Two defense attorneys face accusations of professional misconduct for a piece of their work on the first successful challenge under the Racial Justice Act.
Gretchen Engel, director of the Durham-based Center for Death Penalty Litigation, and Cassandra Stubbs, a lawyer with the American Civil Liberties Union Capital Punishment Project, were among a team of attorneys who used the short-lived law to convert a North Carolina death row inmate’s sentence in 2012 to life without possibility for parole.
Now the attorneys face possible punishment from the N.C. State Bar.
Some legal analysts have characterized the allegations of wrongdoing as so minor and “questionable” that they think politics could be at play.
Digital Access for only $0.99
For the most comprehensive local coverage, subscribe today.
It is unclear who filed the complaints against the attorneys. That’s not part of the public record.
At issue is whether Engel and Stubbs violated professional codes of conduct in relaying information to the courts after interviewing two African-American men excluded from serving on the 1994 jury that decided the fate of Marcus Reymond Robinson.
Robinson, an African-American male, was sentenced to death almost two decades ago for the 1991 killing of Erik Tornblum, a white teenager.
In April 2012, Judge Gregory Weeks issued a landmark ruling in Cumberland County Superior Court saying prosecutors across the state had engaged in deliberate and systematic racial discrimination when striking black potential jurors in death penalty cases.
Under the Racial Justice Act, Weeks was able to reduce the death sentence for Robinson to life in prison with no possibility for parole.
Prosecutors, according to a Michigan State University Law School study that was part of the record in the Robinson case, used peremptory challenges to remove blacks from juries more than twice as often throughout North Carolina as they used them for whites. In Cumberland County, it was almost three times as often.
Prosecutors have disputed those statistics and immediately banded together not only to appeal the Weeks ruling but to orchestrate the overturning of the unique North Carolina law that allowed inmates to use statistics to bolster claims of racial bias.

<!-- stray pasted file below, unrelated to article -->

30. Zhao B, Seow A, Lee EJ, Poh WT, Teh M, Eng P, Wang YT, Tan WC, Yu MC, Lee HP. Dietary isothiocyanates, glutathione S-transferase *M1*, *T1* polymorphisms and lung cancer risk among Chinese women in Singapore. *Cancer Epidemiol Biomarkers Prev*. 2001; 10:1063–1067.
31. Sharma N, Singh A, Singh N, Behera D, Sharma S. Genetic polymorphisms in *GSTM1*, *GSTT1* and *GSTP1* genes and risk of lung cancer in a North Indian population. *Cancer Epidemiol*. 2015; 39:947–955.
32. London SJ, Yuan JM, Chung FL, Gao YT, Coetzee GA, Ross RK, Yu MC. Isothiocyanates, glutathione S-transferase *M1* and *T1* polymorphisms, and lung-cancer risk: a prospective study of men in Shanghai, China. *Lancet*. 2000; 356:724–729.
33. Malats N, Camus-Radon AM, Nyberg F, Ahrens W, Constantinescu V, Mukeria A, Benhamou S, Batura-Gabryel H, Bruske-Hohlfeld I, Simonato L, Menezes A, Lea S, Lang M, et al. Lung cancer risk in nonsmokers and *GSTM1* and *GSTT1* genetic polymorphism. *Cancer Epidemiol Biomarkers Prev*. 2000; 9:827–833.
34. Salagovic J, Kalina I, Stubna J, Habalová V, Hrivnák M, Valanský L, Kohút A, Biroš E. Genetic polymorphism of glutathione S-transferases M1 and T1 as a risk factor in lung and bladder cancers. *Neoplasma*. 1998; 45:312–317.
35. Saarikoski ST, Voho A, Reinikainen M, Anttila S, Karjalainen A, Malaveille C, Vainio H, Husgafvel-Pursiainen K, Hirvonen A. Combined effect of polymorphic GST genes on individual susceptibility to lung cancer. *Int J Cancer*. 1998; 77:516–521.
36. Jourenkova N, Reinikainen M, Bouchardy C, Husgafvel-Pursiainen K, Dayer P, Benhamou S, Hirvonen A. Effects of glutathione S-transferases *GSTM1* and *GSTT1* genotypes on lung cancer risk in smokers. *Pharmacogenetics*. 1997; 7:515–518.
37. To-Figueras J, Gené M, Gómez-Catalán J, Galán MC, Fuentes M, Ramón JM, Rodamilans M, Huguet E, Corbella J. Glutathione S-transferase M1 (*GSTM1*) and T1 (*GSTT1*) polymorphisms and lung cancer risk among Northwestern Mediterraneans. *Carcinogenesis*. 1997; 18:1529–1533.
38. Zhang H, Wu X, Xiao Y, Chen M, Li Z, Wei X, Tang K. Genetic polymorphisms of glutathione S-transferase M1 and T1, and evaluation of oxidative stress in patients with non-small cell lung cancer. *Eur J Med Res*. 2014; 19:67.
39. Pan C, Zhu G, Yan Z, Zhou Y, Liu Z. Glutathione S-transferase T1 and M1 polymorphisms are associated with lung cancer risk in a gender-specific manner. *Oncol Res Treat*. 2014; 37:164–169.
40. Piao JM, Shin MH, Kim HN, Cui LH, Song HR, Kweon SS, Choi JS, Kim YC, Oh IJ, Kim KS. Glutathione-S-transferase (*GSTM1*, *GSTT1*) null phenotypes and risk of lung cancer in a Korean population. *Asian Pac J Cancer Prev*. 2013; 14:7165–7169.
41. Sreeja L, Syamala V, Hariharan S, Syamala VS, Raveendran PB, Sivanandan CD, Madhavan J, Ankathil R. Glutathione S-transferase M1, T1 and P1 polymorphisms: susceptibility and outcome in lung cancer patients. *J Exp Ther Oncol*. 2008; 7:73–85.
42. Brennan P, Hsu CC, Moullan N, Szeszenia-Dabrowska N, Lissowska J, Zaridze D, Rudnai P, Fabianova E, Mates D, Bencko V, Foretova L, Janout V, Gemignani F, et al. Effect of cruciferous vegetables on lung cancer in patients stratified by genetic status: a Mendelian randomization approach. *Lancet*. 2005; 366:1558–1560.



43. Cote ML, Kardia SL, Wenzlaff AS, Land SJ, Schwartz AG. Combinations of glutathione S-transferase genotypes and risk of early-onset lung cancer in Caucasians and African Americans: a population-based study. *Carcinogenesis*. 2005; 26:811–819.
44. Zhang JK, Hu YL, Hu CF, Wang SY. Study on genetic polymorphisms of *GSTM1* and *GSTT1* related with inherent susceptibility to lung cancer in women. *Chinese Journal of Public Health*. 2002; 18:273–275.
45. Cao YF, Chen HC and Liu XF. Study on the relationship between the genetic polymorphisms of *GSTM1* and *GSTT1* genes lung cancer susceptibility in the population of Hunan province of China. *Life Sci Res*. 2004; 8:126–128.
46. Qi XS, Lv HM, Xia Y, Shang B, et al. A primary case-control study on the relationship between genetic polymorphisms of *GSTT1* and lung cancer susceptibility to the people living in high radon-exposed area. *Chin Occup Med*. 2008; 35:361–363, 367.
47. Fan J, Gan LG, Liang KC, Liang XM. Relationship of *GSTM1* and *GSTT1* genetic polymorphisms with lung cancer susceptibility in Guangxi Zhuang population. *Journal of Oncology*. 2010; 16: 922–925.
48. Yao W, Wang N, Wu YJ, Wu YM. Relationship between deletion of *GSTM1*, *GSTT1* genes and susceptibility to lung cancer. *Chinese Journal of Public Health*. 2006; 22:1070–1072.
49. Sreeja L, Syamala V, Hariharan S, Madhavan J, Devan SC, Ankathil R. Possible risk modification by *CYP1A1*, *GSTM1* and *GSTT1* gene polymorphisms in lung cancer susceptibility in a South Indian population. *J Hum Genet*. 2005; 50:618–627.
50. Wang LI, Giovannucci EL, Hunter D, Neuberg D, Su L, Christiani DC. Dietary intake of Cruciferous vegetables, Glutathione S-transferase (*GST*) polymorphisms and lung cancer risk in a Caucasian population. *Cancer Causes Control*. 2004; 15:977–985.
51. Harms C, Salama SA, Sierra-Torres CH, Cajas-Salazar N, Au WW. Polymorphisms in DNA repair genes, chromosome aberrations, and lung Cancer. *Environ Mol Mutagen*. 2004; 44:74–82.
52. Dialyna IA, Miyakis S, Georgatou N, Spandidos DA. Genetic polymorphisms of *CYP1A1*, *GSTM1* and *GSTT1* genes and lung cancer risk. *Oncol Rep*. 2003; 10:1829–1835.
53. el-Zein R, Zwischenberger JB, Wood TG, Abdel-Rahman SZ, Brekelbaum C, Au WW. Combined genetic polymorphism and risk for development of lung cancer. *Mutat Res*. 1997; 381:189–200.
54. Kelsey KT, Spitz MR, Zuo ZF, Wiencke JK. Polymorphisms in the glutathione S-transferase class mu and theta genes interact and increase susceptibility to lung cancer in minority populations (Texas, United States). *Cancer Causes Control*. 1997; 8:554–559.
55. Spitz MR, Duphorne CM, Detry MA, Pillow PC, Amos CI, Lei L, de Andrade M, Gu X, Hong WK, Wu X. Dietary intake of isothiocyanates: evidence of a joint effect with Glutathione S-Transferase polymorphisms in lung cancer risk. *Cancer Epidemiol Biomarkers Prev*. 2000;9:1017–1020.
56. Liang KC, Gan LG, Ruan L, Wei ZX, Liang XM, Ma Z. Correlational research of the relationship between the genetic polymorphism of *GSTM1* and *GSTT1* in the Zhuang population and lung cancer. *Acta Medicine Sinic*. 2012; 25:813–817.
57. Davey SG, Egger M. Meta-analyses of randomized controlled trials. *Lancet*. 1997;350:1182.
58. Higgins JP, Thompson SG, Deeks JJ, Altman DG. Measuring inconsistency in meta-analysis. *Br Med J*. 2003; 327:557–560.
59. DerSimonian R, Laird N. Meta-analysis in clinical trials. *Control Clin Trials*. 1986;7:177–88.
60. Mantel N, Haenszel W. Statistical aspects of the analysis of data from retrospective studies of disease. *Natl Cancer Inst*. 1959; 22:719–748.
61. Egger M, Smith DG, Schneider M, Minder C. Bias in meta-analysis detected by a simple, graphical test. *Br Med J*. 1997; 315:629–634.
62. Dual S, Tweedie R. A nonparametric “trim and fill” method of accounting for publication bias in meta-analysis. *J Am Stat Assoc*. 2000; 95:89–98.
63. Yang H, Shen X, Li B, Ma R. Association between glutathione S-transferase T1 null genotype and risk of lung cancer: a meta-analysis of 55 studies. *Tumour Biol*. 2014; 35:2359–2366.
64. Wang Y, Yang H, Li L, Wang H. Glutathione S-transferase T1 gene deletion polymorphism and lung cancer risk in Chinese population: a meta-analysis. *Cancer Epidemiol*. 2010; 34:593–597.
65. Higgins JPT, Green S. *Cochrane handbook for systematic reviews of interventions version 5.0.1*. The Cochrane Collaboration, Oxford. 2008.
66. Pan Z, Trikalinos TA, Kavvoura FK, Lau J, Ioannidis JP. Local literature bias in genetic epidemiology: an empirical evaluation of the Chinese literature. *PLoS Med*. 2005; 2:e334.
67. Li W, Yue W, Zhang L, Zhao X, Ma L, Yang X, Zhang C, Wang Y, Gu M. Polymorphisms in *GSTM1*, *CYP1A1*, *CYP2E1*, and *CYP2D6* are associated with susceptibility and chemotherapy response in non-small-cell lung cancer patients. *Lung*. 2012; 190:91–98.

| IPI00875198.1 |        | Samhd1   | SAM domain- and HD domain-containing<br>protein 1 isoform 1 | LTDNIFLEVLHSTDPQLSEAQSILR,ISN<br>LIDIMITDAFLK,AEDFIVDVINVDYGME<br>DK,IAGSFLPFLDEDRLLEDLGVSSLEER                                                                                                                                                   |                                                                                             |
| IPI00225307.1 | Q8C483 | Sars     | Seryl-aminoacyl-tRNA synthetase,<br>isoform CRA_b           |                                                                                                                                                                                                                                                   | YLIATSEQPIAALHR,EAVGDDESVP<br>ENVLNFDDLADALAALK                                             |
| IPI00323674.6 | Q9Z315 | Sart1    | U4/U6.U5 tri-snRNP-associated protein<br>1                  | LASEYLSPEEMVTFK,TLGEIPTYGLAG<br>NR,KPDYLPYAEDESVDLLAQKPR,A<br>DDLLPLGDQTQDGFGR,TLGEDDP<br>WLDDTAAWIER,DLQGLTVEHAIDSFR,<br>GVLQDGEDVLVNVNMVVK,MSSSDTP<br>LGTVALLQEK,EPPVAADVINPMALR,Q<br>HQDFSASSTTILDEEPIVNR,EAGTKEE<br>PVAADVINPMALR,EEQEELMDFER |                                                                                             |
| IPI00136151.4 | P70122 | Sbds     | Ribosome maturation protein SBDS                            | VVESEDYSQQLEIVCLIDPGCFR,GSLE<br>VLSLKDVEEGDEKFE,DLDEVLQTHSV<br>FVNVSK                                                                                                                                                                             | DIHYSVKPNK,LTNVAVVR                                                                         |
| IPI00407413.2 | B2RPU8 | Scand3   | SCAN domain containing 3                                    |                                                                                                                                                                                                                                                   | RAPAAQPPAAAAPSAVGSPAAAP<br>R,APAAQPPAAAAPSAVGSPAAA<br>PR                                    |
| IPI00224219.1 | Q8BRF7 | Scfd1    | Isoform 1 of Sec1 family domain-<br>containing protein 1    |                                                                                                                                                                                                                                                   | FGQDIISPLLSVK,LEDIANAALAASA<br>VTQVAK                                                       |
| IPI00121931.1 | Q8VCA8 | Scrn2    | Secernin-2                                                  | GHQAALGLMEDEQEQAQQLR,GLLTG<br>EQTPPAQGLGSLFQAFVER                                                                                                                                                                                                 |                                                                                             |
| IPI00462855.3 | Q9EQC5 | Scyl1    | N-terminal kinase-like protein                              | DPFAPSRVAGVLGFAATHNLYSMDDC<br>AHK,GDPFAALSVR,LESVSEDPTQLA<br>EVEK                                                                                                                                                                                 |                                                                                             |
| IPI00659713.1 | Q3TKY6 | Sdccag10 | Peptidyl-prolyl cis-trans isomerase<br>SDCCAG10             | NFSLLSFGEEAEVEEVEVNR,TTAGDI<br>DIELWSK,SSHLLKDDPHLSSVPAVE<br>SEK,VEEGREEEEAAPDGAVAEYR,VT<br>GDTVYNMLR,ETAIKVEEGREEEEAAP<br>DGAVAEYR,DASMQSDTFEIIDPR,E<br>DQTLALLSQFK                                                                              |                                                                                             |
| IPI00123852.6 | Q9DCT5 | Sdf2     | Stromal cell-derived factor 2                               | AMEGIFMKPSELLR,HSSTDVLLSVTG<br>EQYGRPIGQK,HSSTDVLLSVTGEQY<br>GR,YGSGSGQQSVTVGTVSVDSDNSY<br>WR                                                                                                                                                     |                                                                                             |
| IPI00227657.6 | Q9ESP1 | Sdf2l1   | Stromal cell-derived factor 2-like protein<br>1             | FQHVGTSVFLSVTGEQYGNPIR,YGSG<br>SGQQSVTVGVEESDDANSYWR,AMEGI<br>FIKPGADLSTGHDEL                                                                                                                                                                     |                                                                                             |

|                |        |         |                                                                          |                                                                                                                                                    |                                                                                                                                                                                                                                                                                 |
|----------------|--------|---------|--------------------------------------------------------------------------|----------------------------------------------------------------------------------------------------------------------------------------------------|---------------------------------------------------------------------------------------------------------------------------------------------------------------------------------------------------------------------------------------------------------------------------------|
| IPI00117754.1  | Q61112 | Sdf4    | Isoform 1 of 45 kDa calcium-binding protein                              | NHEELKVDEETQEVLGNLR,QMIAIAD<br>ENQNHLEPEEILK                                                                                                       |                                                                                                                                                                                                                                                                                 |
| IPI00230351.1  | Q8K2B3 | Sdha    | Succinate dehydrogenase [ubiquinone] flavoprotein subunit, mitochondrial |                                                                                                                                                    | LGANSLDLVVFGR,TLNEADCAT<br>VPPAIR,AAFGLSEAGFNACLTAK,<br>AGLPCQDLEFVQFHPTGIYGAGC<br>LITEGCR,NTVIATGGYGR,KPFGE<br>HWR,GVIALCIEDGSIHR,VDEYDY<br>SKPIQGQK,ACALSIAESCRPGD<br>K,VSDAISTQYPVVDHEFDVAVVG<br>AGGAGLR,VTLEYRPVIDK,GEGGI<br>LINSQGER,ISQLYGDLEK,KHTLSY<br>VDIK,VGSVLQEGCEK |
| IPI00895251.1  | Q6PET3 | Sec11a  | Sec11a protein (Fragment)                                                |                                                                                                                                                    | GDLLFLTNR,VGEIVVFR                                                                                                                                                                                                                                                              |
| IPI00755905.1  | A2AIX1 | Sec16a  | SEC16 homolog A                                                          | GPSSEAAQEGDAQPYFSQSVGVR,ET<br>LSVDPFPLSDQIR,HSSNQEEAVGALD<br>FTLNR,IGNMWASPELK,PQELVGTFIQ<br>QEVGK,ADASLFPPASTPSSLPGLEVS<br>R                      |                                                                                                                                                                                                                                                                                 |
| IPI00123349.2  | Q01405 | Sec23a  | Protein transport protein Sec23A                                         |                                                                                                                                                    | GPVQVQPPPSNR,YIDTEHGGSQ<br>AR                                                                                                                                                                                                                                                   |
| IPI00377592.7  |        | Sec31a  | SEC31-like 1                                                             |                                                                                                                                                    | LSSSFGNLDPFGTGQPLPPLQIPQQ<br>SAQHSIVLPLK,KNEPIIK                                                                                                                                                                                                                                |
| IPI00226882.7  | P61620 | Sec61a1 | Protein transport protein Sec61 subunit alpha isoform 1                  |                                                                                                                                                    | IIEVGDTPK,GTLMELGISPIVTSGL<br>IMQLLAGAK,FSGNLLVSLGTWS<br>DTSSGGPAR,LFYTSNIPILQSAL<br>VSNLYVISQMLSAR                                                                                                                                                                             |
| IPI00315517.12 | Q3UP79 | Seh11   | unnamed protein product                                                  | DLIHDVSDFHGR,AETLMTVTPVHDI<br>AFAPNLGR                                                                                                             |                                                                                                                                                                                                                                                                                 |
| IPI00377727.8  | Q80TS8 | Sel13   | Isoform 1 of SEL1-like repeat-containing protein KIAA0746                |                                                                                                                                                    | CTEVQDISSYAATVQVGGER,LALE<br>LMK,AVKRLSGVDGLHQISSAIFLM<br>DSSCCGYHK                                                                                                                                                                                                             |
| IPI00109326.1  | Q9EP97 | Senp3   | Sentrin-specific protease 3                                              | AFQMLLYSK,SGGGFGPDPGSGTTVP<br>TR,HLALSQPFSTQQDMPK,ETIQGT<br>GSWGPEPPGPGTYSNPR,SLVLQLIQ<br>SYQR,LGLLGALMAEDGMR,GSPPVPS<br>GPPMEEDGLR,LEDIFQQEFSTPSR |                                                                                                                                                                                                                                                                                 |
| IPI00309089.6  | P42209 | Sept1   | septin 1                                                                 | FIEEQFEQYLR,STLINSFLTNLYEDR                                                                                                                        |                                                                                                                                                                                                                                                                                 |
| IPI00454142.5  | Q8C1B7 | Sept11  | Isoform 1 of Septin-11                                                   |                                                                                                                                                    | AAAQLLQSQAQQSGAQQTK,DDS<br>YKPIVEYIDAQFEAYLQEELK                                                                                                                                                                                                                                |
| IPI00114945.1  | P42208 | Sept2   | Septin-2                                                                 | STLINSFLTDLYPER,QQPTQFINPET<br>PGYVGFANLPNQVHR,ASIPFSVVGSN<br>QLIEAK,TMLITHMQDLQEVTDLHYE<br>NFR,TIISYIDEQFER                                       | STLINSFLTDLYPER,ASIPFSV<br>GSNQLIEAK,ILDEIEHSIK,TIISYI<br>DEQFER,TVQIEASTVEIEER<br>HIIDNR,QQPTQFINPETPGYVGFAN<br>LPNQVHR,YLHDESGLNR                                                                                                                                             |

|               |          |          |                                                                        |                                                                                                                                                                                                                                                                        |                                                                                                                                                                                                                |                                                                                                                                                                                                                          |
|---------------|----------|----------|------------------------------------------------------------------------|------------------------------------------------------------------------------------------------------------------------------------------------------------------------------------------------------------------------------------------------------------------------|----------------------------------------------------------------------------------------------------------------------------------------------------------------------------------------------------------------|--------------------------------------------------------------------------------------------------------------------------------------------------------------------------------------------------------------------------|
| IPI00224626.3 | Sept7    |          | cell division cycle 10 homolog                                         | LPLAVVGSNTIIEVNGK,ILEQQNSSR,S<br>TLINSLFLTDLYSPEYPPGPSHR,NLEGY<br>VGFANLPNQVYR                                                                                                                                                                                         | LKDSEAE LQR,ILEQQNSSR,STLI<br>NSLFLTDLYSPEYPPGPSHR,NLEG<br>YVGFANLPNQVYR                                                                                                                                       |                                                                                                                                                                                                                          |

Engel and Stubbs recently found out that someone filed complaints against them with the State Bar, the organization that oversees North Carolina lawyers.
The bar allegations focus on sworn statements the attorneys introduced from the men who had been part of the 1994 jury pool but not selected for the panel.
The bar complaint contends the lawyers included inaccurate information for the court to consider that ranged from a wrong address to a recollection from one of the potential jurors that did not jibe with the official trial transcript.
When Engel and Stubbs received notice of the allegations against them, according to their attorneys Amos Tyndall of Chapel Hill, and Brad Bannon and Alan Schneider of Raleigh, they brought them to the attention of Judge Weeks.
“He noted that the affidavits were not introduced for substantive purposes, and the purpose for which they were introduced was not even in dispute,” Bannon and Schneider, the attorneys for Stubbs, said in a joint statement. “He gave them no weight, and he did not rely on them in 378 pages of orders explaining his rulings.”
The Racial Justice Act proceedings for Robinson extended over 20 days of testimony. Eighteen witnesses testified, and more than 298 exhibits were included in the record.
“Weeks also made another important finding,” Bannon and Schneider said in a statement echoed by Tyndall, the attorney for Engel. “[I]f there were any inaccuracies in the two affidavits, they were not the product of intentional misconduct, willfulness or bad faith.”
Engel and Stubbs plan to ask for hearings before the State Bar to fight the complaints.
Legal scholars and analysts with no ties to the cases of Racial Justice Act proceedings questioned whether the high-profile nature of the Robinson case might be playing a part in the misconduct allegations.
“The State Bar does not explain publicly why it chooses to proceed on some complaints from the public and not on others, so we have to guess,” said Bernie Burk, a UNC-Chapel Hill law professor with expertise in ethics and professional responsibility. “The Racial Justice Act case at issue is very high-profile and extremely controversial, with many people holding strong views on both sides. And the complaints suggest that the people who accused the defense lawyers believe that the discrepancies they’ve identified were, in the words of the ethical rules, ‘prejudicial to the administration of justice.’
“Given the high profile and intensity of the controversy and the gravity of what the accusers claim, the Bar may have felt that the best course is to hold a formal proceeding that will result in an evidentiary record and a reasoned decision, so that everyone will understand the reasons for the result.”
Michael Frisch, a Georgetown University law professor who worked for 18 years as a bar prosecutor for the District of Columbia, wrote about the two cases on a blog he started to offer insight into such proceedings.
“I look at this prosecution, and I see the charges looking very questionable to me,” Frisch said in a telephone interview Friday. “I wouldn’t see them prosecuting this if it was Joe Schmo on the street or a prosecutor. And as a result, this is leading me to believe this is a politically motivated prosecution.”